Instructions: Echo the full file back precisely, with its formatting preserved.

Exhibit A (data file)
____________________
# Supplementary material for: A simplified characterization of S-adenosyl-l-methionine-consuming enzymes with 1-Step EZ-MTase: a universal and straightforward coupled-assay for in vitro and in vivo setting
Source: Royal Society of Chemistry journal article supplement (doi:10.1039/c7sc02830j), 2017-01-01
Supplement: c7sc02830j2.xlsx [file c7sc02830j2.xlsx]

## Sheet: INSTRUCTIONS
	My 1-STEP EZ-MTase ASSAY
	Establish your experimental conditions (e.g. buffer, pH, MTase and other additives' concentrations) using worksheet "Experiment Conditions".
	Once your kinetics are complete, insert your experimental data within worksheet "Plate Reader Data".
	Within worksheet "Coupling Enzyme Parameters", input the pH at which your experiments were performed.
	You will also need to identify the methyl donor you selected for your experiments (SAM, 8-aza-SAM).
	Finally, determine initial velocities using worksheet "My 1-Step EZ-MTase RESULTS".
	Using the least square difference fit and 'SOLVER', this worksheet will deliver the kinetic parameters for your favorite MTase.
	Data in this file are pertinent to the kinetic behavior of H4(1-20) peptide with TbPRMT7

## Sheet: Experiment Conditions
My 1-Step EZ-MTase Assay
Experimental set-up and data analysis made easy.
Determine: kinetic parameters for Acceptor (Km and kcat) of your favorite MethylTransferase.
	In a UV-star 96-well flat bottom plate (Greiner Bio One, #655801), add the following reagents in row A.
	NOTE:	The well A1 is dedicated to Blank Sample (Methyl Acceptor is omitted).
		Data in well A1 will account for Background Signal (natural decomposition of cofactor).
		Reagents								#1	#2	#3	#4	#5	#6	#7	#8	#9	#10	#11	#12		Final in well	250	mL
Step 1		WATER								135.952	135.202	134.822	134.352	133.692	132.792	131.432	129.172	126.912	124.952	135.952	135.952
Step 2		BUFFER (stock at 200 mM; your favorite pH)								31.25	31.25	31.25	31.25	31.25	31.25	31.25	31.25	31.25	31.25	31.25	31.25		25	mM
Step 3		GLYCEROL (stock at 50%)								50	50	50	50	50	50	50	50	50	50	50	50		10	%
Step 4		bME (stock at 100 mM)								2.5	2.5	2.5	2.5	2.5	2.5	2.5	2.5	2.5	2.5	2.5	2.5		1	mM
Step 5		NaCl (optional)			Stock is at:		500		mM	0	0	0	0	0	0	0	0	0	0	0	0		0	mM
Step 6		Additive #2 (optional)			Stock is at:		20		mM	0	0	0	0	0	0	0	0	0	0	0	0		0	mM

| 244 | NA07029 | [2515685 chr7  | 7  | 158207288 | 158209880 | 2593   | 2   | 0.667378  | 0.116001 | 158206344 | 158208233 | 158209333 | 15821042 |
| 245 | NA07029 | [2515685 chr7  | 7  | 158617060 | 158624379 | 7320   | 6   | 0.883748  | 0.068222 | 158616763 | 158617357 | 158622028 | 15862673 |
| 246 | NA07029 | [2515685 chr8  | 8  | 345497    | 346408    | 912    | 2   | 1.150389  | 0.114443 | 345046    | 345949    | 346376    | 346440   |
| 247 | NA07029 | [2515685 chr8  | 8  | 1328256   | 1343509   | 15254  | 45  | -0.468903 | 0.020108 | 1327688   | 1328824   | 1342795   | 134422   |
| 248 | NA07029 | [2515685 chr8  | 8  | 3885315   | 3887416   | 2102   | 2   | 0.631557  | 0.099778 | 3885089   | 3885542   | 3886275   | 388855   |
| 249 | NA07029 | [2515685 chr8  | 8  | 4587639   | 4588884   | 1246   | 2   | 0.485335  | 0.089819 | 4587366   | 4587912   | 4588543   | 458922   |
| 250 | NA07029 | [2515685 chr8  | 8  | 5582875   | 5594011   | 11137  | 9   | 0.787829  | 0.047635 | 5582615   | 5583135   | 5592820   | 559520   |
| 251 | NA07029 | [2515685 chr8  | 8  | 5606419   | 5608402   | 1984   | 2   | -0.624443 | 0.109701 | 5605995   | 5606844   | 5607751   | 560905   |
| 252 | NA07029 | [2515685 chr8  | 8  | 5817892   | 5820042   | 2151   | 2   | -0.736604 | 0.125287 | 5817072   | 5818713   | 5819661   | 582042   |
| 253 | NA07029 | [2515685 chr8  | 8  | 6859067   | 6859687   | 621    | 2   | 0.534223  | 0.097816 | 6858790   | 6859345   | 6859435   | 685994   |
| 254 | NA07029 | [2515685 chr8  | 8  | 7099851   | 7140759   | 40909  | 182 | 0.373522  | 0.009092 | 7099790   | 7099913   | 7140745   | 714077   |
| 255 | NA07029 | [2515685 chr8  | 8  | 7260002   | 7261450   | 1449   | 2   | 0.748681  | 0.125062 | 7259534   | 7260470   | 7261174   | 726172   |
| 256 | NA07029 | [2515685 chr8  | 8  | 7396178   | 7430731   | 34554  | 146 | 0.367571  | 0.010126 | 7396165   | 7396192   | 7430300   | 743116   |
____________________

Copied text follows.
# Supplementary material for: A simplified characterization of S-adenosyl-l-methionine-consuming enzymes with 1-Step EZ-MTase: a universal and straightforward coupled-assay for in vitro and in vivo setting
Source: Royal Society of Chemistry journal article supplement (doi:10.1039/c7sc02830j), 2017-01-01
Supplement: c7sc02830j2.xlsx [file c7sc02830j2.xlsx]

## Sheet: INSTRUCTIONS
	My 1-STEP EZ-MTase ASSAY
	Establish your experimental conditions (e.g. buffer, pH, MTase and other additives' concentrations) using worksheet "Experiment Conditions".
	Once your kinetics are complete, insert your experimental data within worksheet "Plate Reader Data".
	Within worksheet "Coupling Enzyme Parameters", input the pH at which your experiments were performed.
	You will also need to identify the methyl donor you selected for your experiments (SAM, 8-aza-SAM).
	Finally, determine initial velocities using worksheet "My 1-Step EZ-MTase RESULTS".
	Using the least square difference fit and 'SOLVER', this worksheet will deliver the kinetic parameters for your favorite MTase.
	Data in this file are pertinent to the kinetic behavior of H4(1-20) peptide with TbPRMT7

## Sheet: Experiment Conditions
My 1-Step EZ-MTase Assay
Experimental set-up and data analysis made easy.
Determine: kinetic parameters for Acceptor (Km and kcat) of your favorite MethylTransferase.
	In a UV-star 96-well flat bottom plate (Greiner Bio One, #655801), add the following reagents in row A.
	NOTE:	The well A1 is dedicated to Blank Sample (Methyl Acceptor is omitted).
		Data in well A1 will account for Background Signal (natural decomposition of cofactor).
		Reagents								#1	#2	#3	#4	#5	#6	#7	#8	#9	#10	#11	#12		Final in well	250	mL
Step 1		WATER								135.952	135.202	134.822	134.352	133.692	132.792	131.432	129.172	126.912	124.952	135.952	135.952
Step 2		BUFFER (stock at 200 mM; your favorite pH)								31.25	31.25	31.25	31.25	31.25	31.25	31.25	31.25	31.25	31.25	31.25	31.25		25	mM
Step 3		GLYCEROL (stock at 50%)								50	50	50	50	50	50	50	50	50	50	50	50		10	%
Step 4		bME (stock at 100 mM)								2.5	2.5	2.5	2.5	2.5	2.5	2.5	2.5	2.5	2.5	2.5	2.5		1	mM
Step 5		NaCl (optional)			Stock is at:		500		mM	0	0	0	0	0	0	0	0	0	0	0	0		0	mM
Step 6		Additive #2 (optional)			Stock is at:		20		mM	0	0	0	0	0	0	0	0	0	0	0	0		0	mM

| 244 | NA07029 | [2515685 chr7  | 7  | 158207288 | 158209880 | 2593   | 2   | 0.667378  | 0.116001 | 158206344 | 158208233 | 158209333 | 15821042 |
| 245 | NA07029 | [2515685 chr7  | 7  | 158617060 | 158624379 | 7320   | 6   | 0.883748  | 0.068222 | 158616763 | 158617357 | 158622028 | 15862673 |
| 246 | NA07029 | [2515685 chr8  | 8  | 345497    | 346408    | 912    | 2   | 1.150389  | 0.114443 | 345046    | 345949    | 346376    | 346440   |
| 247 | NA07029 | [2515685 chr8  | 8  | 1328256   | 1343509   | 15254  | 45  | -0.468903 | 0.020108 | 1327688   | 1328824   | 1342795   | 134422   |
| 248 | NA07029 | [2515685 chr8  | 8  | 3885315   | 3887416   | 2102   | 2   | 0.631557  | 0.099778 | 3885089   | 3885542   | 3886275   | 388855   |
| 249 | NA07029 | [2515685 chr8  | 8  | 4587639   | 4588884   | 1246   | 2   | 0.485335  | 0.089819 | 4587366   | 4587912   | 4588543   | 458922   |
| 250 | NA07029 | [2515685 chr8  | 8  | 5582875   | 5594011   | 11137  | 9   | 0.787829  | 0.047635 | 5582615   | 5583135   | 5592820   | 559520   |
| 251 | NA07029 | [2515685 chr8  | 8  | 5606419   | 5608402   | 1984   | 2   | -0.624443 | 0.109701 | 5605995   | 5606844   | 5607751   | 560905   |
| 252 | NA07029 | [2515685 chr8  | 8  | 5817892   | 5820042   | 2151   | 2   | -0.736604 | 0.125287 | 5817072   | 5818713   | 5819661   | 582042   |
| 253 | NA07029 | [2515685 chr8  | 8  | 6859067   | 6859687   | 621    | 2   | 0.534223  | 0.097816 | 6858790   | 6859345   | 6859435   | 685994   |
| 254 | NA07029 | [2515685 chr8  | 8  | 7099851   | 7140759   | 40909  | 182 | 0.373522  | 0.009092 | 7099790   | 7099913   | 7140745   | 714077   |
| 255 | NA07029 | [2515685 chr8  | 8  | 7260002   | 7261450   | 1449   | 2   | 0.748681  | 0.125062 | 7259534   | 7260470   | 7261174   | 726172   |
| 256 | NA07029 | [2515685 chr8  | 8  | 7396178   | 7430731   | 34554  | 146 | 0.367571  | 0.010126 | 7396165   | 7396192   | 7430300   | 743116   |